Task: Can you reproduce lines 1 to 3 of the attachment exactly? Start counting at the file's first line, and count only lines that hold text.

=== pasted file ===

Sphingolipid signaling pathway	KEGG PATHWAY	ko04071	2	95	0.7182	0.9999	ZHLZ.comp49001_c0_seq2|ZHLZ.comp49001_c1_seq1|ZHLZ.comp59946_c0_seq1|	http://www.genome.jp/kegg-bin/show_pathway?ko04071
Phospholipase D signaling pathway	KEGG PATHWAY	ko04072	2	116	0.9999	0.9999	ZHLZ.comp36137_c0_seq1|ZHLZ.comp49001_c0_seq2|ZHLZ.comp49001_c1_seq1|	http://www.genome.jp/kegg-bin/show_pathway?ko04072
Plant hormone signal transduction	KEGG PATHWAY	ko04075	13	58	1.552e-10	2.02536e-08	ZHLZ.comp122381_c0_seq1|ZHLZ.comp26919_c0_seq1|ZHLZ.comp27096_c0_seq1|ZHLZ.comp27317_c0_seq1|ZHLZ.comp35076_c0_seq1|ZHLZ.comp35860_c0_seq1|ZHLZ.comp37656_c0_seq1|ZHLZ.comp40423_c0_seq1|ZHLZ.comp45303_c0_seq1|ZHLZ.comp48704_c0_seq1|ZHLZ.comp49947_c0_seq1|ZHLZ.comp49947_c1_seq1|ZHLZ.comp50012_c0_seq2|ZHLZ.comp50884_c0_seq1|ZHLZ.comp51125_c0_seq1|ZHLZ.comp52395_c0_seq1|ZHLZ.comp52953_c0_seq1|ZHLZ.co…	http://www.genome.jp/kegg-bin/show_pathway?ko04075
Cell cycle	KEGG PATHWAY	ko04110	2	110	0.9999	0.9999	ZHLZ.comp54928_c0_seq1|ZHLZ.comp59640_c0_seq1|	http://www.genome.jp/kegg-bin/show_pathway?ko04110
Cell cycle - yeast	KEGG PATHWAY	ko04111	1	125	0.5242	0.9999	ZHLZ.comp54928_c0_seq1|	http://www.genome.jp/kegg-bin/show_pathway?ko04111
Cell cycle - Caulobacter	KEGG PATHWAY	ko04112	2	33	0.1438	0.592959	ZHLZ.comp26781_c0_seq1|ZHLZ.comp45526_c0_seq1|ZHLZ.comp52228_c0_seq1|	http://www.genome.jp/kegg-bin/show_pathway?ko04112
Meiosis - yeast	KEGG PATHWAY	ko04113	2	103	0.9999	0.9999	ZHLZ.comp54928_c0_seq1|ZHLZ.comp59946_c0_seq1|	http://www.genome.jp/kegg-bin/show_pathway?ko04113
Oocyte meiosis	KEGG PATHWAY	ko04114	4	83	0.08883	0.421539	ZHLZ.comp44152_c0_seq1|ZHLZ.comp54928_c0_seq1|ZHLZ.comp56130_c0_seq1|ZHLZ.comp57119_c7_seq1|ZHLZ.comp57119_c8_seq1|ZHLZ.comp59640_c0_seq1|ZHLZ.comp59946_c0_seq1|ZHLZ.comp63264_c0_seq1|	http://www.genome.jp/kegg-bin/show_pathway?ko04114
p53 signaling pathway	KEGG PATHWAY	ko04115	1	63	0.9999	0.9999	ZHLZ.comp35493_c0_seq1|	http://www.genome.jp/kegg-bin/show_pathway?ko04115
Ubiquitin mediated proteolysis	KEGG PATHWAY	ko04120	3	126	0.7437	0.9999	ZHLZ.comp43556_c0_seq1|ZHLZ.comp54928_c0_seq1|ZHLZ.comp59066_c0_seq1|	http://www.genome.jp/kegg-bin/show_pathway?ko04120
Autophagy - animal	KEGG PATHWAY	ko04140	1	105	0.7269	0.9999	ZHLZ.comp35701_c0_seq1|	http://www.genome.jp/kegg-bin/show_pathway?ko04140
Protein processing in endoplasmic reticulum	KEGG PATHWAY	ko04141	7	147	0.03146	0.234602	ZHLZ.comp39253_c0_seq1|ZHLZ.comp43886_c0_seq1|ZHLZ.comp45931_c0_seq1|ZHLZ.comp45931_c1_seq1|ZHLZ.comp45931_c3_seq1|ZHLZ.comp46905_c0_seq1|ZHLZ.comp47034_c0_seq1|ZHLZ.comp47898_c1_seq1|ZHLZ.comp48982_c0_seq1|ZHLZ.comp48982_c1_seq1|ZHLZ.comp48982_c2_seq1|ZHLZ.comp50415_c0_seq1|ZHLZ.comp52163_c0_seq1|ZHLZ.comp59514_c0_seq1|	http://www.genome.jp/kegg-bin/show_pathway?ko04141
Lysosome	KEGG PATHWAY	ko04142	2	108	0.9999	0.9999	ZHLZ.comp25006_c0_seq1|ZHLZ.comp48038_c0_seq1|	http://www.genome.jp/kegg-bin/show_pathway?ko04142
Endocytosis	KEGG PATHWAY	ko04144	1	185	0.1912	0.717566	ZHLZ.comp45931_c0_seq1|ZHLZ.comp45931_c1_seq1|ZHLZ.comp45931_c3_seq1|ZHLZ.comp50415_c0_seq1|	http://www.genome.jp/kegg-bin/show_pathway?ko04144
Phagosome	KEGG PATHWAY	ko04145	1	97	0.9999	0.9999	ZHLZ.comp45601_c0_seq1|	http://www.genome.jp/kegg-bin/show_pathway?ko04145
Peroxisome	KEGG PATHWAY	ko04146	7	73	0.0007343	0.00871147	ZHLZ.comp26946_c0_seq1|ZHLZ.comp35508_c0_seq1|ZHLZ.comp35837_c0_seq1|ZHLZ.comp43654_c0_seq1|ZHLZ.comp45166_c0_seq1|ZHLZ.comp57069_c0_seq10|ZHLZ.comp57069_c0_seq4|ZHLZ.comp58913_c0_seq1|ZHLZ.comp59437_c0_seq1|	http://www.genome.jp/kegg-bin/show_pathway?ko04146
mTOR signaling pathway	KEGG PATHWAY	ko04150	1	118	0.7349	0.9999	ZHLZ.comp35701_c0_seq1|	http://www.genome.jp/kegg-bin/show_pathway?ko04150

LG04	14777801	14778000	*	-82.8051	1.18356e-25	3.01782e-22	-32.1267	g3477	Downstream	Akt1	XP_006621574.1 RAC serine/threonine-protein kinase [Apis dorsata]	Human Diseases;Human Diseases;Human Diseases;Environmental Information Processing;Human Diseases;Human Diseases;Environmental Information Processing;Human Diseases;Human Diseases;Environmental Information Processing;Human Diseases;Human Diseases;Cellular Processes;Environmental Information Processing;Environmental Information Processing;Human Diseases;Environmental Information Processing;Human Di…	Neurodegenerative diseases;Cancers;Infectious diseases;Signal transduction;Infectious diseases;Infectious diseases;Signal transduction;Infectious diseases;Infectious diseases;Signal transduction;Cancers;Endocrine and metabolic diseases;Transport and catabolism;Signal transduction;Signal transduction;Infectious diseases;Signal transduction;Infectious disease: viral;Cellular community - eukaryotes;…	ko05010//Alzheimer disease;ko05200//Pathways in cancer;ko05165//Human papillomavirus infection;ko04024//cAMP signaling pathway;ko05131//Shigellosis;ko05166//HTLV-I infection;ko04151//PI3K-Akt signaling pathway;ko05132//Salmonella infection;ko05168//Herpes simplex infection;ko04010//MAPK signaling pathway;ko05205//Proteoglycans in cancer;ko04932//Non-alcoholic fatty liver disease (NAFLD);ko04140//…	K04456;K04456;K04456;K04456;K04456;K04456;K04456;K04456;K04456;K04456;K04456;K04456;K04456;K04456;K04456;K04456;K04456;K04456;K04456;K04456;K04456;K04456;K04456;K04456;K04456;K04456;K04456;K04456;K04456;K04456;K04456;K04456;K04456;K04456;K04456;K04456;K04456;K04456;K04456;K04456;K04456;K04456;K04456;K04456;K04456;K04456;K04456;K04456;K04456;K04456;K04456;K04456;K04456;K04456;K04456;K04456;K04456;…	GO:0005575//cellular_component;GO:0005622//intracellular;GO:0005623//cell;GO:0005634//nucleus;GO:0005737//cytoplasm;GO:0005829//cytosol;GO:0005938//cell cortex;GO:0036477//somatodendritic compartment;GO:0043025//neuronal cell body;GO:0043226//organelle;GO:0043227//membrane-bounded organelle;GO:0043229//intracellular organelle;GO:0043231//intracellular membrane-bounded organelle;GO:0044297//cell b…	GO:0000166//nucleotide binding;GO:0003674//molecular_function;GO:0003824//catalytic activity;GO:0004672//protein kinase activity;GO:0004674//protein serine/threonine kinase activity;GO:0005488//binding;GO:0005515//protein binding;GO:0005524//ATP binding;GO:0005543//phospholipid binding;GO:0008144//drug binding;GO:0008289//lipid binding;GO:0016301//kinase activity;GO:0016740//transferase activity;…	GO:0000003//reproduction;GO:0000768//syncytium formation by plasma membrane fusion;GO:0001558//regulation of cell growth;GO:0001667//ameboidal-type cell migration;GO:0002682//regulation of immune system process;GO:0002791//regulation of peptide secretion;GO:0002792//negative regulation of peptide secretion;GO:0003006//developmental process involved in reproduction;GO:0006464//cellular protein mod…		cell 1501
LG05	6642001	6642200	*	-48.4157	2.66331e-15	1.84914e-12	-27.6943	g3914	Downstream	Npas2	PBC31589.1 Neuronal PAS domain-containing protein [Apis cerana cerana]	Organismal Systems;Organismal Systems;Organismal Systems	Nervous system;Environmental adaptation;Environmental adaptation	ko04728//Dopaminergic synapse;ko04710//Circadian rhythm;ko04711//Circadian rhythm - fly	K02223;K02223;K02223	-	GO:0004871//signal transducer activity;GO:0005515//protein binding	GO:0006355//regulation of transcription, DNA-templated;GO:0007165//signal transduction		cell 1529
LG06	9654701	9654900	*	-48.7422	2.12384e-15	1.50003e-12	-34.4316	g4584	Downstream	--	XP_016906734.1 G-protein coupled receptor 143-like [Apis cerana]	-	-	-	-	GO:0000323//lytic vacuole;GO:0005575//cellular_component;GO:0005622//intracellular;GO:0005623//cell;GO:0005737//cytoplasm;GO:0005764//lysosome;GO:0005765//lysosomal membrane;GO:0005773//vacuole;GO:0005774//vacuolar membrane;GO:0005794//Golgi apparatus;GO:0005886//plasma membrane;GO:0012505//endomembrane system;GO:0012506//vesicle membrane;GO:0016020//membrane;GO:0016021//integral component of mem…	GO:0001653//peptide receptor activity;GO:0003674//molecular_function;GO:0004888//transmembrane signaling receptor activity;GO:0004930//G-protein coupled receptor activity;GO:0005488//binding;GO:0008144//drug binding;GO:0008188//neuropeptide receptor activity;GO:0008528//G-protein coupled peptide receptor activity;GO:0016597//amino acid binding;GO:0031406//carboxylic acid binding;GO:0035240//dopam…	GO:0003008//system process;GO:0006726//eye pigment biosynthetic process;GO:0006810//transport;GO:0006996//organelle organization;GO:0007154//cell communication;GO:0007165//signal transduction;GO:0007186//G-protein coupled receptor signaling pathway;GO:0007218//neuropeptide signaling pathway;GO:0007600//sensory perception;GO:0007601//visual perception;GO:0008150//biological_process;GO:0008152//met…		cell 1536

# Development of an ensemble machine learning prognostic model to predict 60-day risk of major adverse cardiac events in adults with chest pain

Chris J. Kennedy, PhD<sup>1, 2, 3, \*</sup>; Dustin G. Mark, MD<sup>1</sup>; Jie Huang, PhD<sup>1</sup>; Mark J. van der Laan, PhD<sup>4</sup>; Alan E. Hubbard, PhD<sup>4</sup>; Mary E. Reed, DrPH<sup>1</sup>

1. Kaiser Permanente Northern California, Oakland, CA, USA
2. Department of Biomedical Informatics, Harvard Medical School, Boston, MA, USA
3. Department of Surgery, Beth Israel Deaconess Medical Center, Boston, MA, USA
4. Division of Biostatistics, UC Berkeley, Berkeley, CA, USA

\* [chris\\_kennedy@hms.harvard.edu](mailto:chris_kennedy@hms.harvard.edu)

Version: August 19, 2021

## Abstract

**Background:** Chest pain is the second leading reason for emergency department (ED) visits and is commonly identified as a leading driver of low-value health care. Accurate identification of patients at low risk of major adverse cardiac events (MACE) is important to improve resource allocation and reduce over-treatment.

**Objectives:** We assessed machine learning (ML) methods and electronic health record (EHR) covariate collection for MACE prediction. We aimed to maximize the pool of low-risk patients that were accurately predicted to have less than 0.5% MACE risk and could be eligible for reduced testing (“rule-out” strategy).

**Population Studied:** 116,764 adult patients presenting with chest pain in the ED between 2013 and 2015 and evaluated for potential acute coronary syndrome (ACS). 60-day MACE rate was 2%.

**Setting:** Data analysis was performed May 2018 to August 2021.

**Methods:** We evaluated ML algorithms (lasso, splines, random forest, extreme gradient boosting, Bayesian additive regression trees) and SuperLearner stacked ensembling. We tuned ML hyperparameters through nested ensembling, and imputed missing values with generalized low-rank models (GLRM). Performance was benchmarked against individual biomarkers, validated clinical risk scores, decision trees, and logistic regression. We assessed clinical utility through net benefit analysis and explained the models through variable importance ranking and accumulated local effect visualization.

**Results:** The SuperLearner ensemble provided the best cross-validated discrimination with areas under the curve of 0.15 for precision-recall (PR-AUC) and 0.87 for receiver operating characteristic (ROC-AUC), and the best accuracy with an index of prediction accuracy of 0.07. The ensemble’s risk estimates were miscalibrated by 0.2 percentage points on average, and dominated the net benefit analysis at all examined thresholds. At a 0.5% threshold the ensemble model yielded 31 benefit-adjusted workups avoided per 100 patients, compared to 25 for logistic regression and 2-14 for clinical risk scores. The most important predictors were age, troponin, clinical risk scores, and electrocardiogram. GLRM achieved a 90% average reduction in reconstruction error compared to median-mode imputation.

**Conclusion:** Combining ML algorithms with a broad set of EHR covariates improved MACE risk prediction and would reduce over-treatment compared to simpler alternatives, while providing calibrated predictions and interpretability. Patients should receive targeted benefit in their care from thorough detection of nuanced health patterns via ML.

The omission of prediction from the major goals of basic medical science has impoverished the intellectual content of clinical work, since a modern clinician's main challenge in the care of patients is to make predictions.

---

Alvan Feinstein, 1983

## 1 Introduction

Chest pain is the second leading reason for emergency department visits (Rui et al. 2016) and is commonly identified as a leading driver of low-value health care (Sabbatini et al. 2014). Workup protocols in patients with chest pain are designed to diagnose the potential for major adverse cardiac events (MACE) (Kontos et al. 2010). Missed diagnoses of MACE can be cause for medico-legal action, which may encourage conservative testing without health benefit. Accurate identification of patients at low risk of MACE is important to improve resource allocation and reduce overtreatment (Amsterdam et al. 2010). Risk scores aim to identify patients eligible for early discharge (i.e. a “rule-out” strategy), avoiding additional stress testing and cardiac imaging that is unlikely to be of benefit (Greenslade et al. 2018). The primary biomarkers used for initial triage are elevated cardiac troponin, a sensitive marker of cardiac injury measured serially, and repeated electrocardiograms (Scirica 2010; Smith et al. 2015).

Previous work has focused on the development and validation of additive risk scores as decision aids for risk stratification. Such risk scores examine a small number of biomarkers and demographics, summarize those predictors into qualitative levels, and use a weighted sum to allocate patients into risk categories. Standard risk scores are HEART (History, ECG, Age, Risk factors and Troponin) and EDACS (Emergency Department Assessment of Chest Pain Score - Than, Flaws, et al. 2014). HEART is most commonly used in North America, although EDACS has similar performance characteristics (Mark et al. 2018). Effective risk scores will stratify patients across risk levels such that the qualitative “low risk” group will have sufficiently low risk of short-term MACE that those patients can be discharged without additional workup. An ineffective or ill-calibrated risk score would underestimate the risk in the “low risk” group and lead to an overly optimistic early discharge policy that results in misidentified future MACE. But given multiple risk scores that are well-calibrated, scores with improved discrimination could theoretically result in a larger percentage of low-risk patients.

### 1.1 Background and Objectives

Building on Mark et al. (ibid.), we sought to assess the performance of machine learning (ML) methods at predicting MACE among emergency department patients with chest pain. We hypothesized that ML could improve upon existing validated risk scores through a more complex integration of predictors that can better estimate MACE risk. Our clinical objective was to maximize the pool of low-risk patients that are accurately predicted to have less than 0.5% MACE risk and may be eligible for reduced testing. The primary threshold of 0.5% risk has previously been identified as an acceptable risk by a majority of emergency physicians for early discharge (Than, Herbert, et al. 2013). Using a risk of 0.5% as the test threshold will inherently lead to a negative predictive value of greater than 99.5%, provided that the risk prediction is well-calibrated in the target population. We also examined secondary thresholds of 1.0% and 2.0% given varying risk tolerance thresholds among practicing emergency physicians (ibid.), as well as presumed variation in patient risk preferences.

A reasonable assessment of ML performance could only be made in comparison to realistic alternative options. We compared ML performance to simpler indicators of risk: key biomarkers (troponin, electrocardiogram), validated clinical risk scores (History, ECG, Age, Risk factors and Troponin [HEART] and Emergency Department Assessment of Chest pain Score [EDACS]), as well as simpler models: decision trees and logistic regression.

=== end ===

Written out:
Sphingolipid signaling pathway	KEGG PATHWAY	ko04071	2	95	0.7182	0.9999	ZHLZ.comp49001_c0_seq2|ZHLZ.comp49001_c1_seq1|ZHLZ.comp59946_c0_seq1|	http://www.genome.jp/kegg-bin/show_pathway?ko04071
Phospholipase D signaling pathway	KEGG PATHWAY	ko04072	2	116	0.9999	0.9999	ZHLZ.comp36137_c0_seq1|ZHLZ.comp49001_c0_seq2|ZHLZ.comp49001_c1_seq1|	http://www.genome.jp/kegg-bin/show_pathway?ko04072
Plant hormone signal transduction	KEGG PATHWAY	ko04075	13	58	1.552e-10	2.02536e-08	ZHLZ.comp122381_c0_seq1|ZHLZ.comp26919_c0_seq1|ZHLZ.comp27096_c0_seq1|ZHLZ.comp27317_c0_seq1|ZHLZ.comp35076_c0_seq1|ZHLZ.comp35860_c0_seq1|ZHLZ.comp37656_c0_seq1|ZHLZ.comp40423_c0_seq1|ZHLZ.comp45303_c0_seq1|ZHLZ.comp48704_c0_seq1|ZHLZ.comp49947_c0_seq1|ZHLZ.comp49947_c1_seq1|ZHLZ.comp50012_c0_seq2|ZHLZ.comp50884_c0_seq1|ZHLZ.comp51125_c0_seq1|ZHLZ.comp52395_c0_seq1|ZHLZ.comp52953_c0_seq1|ZHLZ.co…	http://www.genome.jp/kegg-bin/show_pathway?ko04075